As far as I’m concerned Malcolm Turnbull has absolutely fucked up the NBN, and reason enough to vote against him. Tech savvy as he is, he bought into the political game and played along with his Luddite colleagues. This is something that will cripple Australia if not resolved – and incidentally, I believe money would be much better spent here getting it right than handing out company tax cuts. A fast and powerful national broadband will benefit industry. It will facilitate opportunities, and create economic activity. It’s as much about what we’re missing out on as it is about poor service. Give us a proper NBN and watch new business spring up.
Lastly, it’s the marriage equality argument. Abbott reluctantly promised a plebiscite, which Malcolm reluctantly agreed to honour (he supports marriage equality). That has been watered down since, to the point that something which should be inevitable, and which most Australians are in support of, is by no means a sure thing.
I’m surprised Labor advertising hasn’t made more of the fact that Mal is not his own man – he’s in the pocket of the right-wing nut jobs who let him assume the leadership, strings attached (incidentally, the same type of RWNJ’s who in the UK precipitated the Brexit vote). They don’t want marriage equality. They’re deeply conservative. If they can find a way to sabotage the plebiscite then they will, and hang the Australian people – and Mal goes along with it.
I’m one of those who believe we don’t need a plebiscite to make it happen, but if we must then make it legitimate and binding. Back in the day Howard sabotaged the Republican vote, and we’re at risk of the same crafty politics doing the same to the plebiscite. I’m passionate about this, simply as a matter of fairness. I’ll be deeply ashamed as an Australian if it doesn’t happen, and Malcolm Turnbull forever damned.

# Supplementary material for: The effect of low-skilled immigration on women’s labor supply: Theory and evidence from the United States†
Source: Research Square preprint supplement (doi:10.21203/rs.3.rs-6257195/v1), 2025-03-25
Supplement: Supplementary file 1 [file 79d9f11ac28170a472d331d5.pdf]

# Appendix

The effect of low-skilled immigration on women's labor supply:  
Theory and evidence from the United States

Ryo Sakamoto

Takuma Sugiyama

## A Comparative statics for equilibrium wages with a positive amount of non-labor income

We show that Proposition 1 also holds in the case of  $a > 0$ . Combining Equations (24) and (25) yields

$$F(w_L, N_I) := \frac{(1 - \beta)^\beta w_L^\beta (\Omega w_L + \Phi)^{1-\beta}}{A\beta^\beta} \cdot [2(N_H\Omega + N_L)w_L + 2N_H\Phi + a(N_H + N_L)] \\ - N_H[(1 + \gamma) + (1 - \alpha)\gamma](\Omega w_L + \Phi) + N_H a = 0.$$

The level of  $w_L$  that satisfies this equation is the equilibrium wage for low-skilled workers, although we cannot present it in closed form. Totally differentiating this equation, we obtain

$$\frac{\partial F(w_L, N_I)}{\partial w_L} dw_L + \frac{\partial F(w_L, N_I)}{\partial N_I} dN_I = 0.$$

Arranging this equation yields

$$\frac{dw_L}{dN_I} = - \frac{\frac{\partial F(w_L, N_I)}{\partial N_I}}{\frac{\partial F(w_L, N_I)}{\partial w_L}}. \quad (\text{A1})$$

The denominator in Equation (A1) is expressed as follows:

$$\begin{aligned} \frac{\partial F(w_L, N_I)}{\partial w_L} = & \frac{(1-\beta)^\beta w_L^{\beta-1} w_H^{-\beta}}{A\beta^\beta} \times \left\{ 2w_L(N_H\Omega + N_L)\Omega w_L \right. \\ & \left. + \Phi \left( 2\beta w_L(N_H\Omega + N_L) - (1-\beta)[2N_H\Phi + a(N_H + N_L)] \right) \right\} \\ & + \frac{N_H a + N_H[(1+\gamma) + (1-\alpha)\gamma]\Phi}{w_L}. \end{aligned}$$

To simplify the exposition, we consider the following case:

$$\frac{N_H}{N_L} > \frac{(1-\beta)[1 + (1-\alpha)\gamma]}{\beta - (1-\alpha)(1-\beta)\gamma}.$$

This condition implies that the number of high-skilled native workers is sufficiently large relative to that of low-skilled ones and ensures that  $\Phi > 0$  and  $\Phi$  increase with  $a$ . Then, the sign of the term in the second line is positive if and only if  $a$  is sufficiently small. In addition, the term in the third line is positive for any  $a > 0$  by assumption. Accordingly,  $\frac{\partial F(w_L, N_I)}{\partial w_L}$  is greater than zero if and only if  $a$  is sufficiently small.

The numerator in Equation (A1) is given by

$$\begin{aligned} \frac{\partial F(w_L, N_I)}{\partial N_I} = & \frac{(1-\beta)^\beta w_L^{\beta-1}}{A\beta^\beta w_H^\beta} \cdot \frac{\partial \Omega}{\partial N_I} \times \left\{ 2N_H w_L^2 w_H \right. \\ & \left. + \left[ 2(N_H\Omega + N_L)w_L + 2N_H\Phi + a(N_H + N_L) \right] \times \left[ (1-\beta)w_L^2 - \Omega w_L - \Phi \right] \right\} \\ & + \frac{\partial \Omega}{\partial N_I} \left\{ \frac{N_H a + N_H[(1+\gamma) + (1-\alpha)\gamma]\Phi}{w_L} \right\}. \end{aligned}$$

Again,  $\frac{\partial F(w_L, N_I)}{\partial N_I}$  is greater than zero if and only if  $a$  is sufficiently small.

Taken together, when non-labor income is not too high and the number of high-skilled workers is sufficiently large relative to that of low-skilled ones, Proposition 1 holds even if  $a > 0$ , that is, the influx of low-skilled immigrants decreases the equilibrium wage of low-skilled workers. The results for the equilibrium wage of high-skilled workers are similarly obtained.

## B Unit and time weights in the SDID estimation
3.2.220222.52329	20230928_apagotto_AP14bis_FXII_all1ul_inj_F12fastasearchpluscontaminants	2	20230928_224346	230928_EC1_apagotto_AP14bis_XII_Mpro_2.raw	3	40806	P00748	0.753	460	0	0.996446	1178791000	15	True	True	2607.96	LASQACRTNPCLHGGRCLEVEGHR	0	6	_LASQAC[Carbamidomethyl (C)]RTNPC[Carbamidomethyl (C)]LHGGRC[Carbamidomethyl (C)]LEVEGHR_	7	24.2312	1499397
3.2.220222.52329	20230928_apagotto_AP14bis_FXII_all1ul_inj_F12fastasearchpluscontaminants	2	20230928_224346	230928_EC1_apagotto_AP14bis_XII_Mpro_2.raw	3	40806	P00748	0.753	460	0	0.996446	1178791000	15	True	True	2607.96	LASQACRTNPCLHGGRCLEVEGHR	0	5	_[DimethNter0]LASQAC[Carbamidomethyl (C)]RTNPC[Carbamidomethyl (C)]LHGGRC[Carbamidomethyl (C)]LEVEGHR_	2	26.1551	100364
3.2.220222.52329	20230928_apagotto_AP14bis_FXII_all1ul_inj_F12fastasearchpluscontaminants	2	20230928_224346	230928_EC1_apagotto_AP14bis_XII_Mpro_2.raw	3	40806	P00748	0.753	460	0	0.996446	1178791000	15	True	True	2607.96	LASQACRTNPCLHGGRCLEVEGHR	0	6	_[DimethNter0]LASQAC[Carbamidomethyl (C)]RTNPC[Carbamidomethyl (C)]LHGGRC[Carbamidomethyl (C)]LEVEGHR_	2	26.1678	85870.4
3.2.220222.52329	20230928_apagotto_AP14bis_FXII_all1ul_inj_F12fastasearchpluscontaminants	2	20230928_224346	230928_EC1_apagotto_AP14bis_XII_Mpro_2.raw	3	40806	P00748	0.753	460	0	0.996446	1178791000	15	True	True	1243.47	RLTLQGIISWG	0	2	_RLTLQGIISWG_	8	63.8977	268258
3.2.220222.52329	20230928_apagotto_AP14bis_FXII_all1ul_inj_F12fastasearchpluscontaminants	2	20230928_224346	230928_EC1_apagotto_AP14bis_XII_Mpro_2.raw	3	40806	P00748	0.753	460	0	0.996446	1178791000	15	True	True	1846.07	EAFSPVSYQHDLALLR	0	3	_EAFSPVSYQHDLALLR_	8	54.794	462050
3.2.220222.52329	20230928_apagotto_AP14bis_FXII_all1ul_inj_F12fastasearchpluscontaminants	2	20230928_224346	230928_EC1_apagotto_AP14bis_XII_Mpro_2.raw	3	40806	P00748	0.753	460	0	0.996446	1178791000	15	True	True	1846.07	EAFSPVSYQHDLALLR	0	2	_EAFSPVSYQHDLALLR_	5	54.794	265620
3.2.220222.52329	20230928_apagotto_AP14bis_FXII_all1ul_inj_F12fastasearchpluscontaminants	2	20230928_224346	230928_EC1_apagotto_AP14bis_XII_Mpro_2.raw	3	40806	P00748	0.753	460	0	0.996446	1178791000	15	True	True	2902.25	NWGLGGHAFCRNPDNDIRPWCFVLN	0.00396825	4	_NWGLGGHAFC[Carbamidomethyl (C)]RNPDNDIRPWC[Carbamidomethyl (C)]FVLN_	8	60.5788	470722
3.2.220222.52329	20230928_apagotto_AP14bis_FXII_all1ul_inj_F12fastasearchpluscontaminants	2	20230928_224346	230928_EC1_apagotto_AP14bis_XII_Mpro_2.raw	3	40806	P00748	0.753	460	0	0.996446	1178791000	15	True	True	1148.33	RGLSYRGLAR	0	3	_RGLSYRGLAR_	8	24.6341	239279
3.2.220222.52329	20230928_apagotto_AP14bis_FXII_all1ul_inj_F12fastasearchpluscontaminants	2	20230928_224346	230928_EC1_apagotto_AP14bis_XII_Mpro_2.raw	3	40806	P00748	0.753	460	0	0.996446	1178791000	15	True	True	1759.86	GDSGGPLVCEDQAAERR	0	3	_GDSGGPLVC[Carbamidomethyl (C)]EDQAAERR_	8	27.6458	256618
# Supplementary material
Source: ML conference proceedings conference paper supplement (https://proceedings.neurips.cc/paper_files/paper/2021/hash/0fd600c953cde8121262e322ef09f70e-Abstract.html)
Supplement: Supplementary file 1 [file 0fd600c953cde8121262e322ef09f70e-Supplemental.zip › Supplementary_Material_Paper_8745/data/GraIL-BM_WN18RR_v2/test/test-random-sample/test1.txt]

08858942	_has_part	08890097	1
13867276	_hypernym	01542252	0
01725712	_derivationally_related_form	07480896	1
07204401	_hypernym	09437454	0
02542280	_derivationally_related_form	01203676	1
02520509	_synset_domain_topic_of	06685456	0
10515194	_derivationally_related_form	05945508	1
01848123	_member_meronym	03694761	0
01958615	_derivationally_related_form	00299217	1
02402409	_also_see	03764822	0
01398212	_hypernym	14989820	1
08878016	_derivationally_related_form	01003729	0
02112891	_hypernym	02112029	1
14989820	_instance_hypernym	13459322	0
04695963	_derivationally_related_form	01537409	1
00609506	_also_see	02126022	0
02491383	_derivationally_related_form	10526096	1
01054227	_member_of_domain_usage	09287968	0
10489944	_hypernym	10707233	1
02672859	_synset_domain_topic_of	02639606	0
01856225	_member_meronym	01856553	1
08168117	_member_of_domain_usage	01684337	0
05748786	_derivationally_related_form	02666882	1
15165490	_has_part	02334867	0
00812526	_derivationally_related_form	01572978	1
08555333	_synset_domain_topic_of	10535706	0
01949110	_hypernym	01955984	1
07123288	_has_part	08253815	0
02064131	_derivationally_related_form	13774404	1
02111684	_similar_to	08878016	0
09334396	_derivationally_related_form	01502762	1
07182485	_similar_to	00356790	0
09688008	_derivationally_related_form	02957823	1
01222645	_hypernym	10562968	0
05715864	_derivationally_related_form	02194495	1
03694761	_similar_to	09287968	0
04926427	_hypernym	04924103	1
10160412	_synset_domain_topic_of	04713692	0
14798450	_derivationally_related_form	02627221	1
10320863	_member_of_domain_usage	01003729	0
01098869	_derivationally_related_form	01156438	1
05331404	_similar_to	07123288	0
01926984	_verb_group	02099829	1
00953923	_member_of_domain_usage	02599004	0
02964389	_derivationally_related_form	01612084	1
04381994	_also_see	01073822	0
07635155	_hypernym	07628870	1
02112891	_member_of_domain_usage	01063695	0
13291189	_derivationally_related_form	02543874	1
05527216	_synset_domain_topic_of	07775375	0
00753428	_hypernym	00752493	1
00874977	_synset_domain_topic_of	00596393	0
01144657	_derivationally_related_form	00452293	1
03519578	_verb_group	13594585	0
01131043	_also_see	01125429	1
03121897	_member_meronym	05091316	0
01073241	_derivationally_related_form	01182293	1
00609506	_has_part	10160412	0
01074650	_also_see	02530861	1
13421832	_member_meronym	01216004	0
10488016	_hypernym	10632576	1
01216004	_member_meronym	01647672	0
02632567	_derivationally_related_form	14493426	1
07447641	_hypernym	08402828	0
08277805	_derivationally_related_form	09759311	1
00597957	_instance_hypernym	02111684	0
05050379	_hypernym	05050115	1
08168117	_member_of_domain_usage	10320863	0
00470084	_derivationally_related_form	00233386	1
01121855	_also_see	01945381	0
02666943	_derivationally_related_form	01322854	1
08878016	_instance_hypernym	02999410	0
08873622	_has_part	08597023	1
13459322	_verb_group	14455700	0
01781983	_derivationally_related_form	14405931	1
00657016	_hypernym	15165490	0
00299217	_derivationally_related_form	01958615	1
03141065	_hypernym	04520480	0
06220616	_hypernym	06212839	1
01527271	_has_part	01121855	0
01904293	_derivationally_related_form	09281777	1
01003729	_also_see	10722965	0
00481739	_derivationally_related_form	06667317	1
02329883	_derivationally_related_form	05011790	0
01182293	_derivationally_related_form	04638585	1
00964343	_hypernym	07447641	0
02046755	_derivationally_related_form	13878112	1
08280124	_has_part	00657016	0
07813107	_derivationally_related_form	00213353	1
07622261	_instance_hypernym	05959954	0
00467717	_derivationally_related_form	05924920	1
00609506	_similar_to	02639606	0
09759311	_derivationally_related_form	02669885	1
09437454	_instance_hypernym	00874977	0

Health, and particularly Medicare has got a bit of airplay this election too, and it with education are further good reasons to vote Labor. Surprisingly climate change has been off the table, and immigration rendered a non-issue because the parties have largely the same policies.
Economic management is always given as a reason to vote Liberal over Labor, but is one of the biggest myths in Australian politics. Look at the figures. The Liberal governments over the last 15 years have been bigger spenders than the Labor governments in that period. Howard crippled this country in 2007 with extravagant spending tax cuts hooping to buy himself another term.
When Labor spent more it was to offset the GFC, and it worked (and there’s good arguments why infrastructure spending should be lifted now – more so than company tax cuts). This government has almost doubled the deficit since taking office. It’s a myth that sells however.
I’m not voting for Mal. Shorten has found his mojo, but I’m still not convinced of him, but he’s the better option. The Greens I’ll never forgive for what they did to the ETS.